Lake Taneycomo surface water intake


Courtesy of Burns & McDonnell

Client: City of Branson, Mo.

Completion Date: 1997 

Services Provided

  • Microtunneling
  • Public information program
  • Permitting agency reviews
  • Air backwash system
  • Potassium permanganate feed system
  • Inverted bulk drum storage
  • Architectural features
  • Architectural rendering

Project Summary 

This intake receives water from Lake Taneycomo in Branson. It has an ultimate design capacity of 15 million gallons per day (MGD), with an initial firm capacity of 5 MGD. The intake was constructed by the sunken caisson method to a depth of 40-feet. The land-based caisson has an inside diameter of 30 feet and contains an intermediate floor that allows access to pump discharge piping and valves. There are two 24-inch suction lines and screens for redundancy. The suction lines were microtunneled approximately 250-feet from the base of the caisson into Lake Taneycomo, approximately 180-feet from shore. Each suction line terminates with a 36-inch diameter tee-shaped stainless steel wire-wound intake screen supported by drilled and grouted pipe supports. The screens can be cleaned by air burst provided by a dual compressor with receiver in the structure.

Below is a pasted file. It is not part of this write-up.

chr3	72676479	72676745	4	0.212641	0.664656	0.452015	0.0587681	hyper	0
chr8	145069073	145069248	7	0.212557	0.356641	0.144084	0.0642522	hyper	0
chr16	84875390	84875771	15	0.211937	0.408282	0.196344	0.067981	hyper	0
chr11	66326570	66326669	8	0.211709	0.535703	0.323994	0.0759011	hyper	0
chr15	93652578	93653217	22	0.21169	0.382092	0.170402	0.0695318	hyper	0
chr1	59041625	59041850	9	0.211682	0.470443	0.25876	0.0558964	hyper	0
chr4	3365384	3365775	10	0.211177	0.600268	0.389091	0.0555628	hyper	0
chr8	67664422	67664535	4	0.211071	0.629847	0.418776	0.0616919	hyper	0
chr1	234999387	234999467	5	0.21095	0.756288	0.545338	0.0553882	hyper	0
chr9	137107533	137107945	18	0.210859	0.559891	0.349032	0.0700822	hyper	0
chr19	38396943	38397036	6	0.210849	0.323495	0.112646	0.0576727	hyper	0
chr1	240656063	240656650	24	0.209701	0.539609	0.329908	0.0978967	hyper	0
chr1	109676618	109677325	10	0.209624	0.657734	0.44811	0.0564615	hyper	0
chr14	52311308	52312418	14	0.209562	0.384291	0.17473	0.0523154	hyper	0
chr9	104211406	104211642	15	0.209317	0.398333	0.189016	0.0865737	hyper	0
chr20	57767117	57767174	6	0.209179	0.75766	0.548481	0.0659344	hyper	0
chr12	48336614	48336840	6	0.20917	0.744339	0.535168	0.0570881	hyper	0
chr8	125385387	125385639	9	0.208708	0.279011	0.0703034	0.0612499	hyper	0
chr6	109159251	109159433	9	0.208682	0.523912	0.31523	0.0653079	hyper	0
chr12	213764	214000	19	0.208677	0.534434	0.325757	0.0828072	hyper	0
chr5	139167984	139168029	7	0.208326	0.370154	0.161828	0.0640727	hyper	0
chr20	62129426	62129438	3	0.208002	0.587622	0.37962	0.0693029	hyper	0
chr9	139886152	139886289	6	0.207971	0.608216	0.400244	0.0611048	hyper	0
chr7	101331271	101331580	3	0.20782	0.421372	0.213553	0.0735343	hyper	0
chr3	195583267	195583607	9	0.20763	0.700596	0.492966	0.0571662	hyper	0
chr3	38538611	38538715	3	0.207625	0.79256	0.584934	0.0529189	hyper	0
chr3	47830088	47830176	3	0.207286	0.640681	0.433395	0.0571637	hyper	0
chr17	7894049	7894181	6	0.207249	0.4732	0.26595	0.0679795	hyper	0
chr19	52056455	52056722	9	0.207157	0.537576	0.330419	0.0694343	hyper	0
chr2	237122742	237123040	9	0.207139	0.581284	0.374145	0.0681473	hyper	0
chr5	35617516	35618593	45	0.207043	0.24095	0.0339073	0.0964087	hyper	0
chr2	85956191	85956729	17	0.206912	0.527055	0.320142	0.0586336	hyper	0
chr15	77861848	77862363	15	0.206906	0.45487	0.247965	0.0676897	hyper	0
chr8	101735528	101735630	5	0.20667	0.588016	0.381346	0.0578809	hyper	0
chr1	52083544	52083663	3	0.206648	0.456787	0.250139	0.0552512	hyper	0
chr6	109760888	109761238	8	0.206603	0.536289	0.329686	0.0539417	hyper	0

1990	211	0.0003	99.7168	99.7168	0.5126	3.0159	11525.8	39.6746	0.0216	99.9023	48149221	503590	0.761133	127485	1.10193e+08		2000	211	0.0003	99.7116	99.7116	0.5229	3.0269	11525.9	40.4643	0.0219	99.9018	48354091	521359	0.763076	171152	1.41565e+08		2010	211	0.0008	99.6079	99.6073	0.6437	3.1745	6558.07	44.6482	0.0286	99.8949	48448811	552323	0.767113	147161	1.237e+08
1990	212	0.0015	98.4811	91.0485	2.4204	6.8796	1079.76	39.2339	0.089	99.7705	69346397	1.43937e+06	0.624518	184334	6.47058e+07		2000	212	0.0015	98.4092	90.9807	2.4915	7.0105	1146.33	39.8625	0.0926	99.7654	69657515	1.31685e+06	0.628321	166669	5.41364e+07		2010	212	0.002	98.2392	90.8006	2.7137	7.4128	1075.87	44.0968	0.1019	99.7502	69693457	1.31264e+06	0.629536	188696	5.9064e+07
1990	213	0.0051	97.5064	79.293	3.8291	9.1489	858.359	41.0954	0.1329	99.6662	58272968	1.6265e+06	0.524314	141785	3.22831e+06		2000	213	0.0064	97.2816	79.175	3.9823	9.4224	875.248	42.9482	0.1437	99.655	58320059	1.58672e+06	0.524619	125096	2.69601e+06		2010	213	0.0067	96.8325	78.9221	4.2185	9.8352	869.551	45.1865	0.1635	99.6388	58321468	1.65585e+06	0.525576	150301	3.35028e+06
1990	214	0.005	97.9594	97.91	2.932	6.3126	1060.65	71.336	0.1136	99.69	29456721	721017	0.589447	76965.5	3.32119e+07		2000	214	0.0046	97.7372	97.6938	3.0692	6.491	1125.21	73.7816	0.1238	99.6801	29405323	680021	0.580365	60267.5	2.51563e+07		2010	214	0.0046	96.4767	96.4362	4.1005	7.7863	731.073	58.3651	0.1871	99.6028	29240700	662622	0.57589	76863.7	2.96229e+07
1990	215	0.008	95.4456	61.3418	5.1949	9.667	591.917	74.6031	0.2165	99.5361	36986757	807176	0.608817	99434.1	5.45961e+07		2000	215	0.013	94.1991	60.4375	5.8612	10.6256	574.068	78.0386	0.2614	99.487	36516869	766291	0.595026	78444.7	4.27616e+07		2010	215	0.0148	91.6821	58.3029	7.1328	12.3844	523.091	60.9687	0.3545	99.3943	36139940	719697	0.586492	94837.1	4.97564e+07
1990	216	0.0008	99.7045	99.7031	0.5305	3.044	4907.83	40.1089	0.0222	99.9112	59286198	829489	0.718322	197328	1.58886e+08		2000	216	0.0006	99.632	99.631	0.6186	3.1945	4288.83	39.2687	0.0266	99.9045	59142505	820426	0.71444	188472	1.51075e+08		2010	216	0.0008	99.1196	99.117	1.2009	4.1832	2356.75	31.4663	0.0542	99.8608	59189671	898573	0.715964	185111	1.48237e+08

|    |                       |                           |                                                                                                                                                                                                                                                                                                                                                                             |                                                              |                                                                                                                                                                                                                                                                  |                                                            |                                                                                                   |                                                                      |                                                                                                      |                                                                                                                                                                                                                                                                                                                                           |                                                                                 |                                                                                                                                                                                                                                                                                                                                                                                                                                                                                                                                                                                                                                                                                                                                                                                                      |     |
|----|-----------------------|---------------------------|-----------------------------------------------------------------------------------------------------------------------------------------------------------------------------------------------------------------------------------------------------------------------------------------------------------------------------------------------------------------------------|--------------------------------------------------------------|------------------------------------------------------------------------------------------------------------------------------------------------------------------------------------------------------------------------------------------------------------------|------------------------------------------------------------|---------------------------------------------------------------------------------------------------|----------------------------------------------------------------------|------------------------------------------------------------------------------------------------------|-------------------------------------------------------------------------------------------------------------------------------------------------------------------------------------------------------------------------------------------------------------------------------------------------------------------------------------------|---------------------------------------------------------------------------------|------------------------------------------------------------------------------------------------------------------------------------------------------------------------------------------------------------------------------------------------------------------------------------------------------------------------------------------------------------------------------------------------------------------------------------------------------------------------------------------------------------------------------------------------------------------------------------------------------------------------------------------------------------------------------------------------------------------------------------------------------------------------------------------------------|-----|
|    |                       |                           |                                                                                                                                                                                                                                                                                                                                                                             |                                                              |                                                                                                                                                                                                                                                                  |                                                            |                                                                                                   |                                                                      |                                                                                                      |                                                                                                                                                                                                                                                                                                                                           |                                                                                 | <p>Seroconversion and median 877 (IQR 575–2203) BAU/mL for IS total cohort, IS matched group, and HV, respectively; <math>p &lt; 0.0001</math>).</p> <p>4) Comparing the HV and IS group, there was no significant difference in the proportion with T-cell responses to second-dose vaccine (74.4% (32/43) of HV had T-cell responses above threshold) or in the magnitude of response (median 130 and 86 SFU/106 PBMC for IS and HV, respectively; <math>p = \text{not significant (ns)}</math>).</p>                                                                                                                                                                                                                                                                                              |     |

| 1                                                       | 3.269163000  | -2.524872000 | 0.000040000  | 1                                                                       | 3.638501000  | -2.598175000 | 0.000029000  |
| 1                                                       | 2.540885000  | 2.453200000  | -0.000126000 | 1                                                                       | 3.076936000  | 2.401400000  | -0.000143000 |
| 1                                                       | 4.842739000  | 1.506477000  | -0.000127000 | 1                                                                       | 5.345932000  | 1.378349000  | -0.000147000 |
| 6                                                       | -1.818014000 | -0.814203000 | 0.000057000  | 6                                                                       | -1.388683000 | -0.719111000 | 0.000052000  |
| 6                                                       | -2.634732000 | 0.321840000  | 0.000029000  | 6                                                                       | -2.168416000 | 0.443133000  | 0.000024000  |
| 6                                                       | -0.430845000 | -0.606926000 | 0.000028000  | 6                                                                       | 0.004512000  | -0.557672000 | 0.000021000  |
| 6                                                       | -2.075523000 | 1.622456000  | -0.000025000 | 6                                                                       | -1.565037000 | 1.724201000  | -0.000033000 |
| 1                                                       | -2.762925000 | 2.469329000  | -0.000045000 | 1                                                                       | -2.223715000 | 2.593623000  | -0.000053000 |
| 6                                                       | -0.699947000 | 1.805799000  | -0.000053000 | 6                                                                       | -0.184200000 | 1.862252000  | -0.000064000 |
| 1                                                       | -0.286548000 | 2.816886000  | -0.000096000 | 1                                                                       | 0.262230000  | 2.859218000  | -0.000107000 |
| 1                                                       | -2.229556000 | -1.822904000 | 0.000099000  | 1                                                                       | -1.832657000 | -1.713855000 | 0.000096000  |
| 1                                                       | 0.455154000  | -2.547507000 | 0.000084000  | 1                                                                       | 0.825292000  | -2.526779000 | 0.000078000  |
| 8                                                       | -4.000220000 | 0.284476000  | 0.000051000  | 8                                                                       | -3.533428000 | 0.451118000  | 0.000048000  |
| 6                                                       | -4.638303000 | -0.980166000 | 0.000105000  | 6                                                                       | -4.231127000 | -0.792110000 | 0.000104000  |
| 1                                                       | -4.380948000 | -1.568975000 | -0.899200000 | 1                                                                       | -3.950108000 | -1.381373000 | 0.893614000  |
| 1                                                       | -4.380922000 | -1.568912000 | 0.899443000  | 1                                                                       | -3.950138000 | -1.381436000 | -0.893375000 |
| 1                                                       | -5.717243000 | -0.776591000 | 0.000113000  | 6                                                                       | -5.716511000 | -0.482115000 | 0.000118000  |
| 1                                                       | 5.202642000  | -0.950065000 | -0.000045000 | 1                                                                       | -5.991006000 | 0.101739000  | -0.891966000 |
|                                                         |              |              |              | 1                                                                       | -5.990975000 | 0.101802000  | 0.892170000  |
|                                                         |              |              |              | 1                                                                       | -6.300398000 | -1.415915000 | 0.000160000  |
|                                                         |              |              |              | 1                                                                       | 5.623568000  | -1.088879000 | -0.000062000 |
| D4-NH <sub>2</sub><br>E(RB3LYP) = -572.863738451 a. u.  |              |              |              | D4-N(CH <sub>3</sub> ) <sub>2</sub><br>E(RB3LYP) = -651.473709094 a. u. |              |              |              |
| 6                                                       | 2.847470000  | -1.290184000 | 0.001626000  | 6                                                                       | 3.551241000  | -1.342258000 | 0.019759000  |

The intake superstructure is hexagonal in shape and 50 feet across. Special architectural effects provide a pleasing appearance, as the intake is viewed by people fishing for trout in Lake Taneycomo and by tourists staying in resorts along the lakeshore. Public information meetings were conducted to obtain comments from local citizens regarding the type of intake.

Three vertical turbine pumps were installed initially (100 HP, 150 HP and 250 HP) with a total capacity of 10 MGD and a firm capacity of 5 MGD. Space is available for expansion of the pumping system. A potassium permanganate feed system is installed that includes an inverted drum bulk storage unit, helix feeder, solution tank, metering pump and control panel. The superstructure is heated by unit heaters and ventilated on both working levels.

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